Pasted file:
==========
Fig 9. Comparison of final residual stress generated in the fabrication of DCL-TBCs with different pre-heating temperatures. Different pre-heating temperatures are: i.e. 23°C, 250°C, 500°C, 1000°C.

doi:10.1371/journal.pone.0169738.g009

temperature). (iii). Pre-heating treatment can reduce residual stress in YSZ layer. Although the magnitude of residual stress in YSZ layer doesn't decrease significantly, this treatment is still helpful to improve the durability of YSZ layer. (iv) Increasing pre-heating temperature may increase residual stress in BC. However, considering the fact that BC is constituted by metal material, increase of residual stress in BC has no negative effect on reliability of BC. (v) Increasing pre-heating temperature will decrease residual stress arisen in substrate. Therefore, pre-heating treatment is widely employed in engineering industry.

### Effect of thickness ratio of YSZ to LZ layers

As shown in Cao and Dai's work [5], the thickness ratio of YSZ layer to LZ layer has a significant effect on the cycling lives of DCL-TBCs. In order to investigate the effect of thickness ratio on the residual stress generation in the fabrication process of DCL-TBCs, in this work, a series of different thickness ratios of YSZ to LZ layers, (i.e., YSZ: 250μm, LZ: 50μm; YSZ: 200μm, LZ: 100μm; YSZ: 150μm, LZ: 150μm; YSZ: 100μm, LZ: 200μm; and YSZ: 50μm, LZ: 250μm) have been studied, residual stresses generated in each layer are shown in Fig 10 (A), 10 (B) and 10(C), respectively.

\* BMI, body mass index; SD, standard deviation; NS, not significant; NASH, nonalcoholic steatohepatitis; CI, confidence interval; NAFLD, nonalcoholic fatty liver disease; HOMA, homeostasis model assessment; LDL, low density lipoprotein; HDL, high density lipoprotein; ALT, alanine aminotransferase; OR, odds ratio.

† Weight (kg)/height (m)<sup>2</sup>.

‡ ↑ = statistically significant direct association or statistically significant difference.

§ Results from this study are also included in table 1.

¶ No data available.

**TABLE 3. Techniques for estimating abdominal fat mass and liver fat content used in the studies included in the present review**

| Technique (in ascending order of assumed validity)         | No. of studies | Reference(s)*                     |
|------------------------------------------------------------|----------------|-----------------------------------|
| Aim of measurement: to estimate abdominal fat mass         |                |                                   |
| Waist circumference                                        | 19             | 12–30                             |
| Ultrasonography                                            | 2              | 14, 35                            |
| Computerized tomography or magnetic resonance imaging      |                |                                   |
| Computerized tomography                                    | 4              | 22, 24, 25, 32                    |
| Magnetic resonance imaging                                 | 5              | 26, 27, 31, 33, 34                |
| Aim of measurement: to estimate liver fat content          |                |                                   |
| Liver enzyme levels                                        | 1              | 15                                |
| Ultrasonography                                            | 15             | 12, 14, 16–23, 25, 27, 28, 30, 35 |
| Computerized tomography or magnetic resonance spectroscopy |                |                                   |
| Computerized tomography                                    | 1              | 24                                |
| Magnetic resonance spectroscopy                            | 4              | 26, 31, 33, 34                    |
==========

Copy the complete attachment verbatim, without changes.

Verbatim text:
Fig 9. Comparison of final residual stress generated in the fabrication of DCL-TBCs with different pre-heating temperatures. Different pre-heating temperatures are: i.e. 23°C, 250°C, 500°C, 1000°C.

doi:10.1371/journal.pone.0169738.g009

temperature). (iii). Pre-heating treatment can reduce residual stress in YSZ layer. Although the magnitude of residual stress in YSZ layer doesn't decrease significantly, this treatment is still helpful to improve the durability of YSZ layer. (iv) Increasing pre-heating temperature may increase residual stress in BC. However, considering the fact that BC is constituted by metal material, increase of residual stress in BC has no negative effect on reliability of BC. (v) Increasing pre-heating temperature will decrease residual stress arisen in substrate. Therefore, pre-heating treatment is widely employed in engineering industry.

### Effect of thickness ratio of YSZ to LZ layers

As shown in Cao and Dai's work [5], the thickness ratio of YSZ layer to LZ layer has a significant effect on the cycling lives of DCL-TBCs. In order to investigate the effect of thickness ratio on the residual stress generation in the fabrication process of DCL-TBCs, in this work, a series of different thickness ratios of YSZ to LZ layers, (i.e., YSZ: 250μm, LZ: 50μm; YSZ: 200μm, LZ: 100μm; YSZ: 150μm, LZ: 150μm; YSZ: 100μm, LZ: 200μm; and YSZ: 50μm, LZ: 250μm) have been studied, residual stresses generated in each layer are shown in Fig 10 (A), 10 (B) and 10(C), respectively.

\* BMI, body mass index; SD, standard deviation; NS, not significant; NASH, nonalcoholic steatohepatitis; CI, confidence interval; NAFLD, nonalcoholic fatty liver disease; HOMA, homeostasis model assessment; LDL, low density lipoprotein; HDL, high density lipoprotein; ALT, alanine aminotransferase; OR, odds ratio.

† Weight (kg)/height (m)<sup>2</sup>.

‡ ↑ = statistically significant direct association or statistically significant difference.

§ Results from this study are also included in table 1.

¶ No data available.

**TABLE 3. Techniques for estimating abdominal fat mass and liver fat content used in the studies included in the present review**

| Technique (in ascending order of assumed validity)         | No. of studies | Reference(s)*                     |
|------------------------------------------------------------|----------------|-----------------------------------|
| Aim of measurement: to estimate abdominal fat mass         |                |                                   |
| Waist circumference                                        | 19             | 12–30                             |
| Ultrasonography                                            | 2              | 14, 35                            |
| Computerized tomography or magnetic resonance imaging      |                |                                   |
| Computerized tomography                                    | 4              | 22, 24, 25, 32                    |
| Magnetic resonance imaging                                 | 5              | 26, 27, 31, 33, 34                |
| Aim of measurement: to estimate liver fat content          |                |                                   |
| Liver enzyme levels                                        | 1              | 15                                |
| Ultrasonography                                            | 15             | 12, 14, 16–23, 25, 27, 28, 30, 35 |
| Computerized tomography or magnetic resonance spectroscopy |                |                                   |
| Computerized tomography                                    | 1              | 24                                |
| Magnetic resonance spectroscopy                            | 4              | 26, 31, 33, 34                    |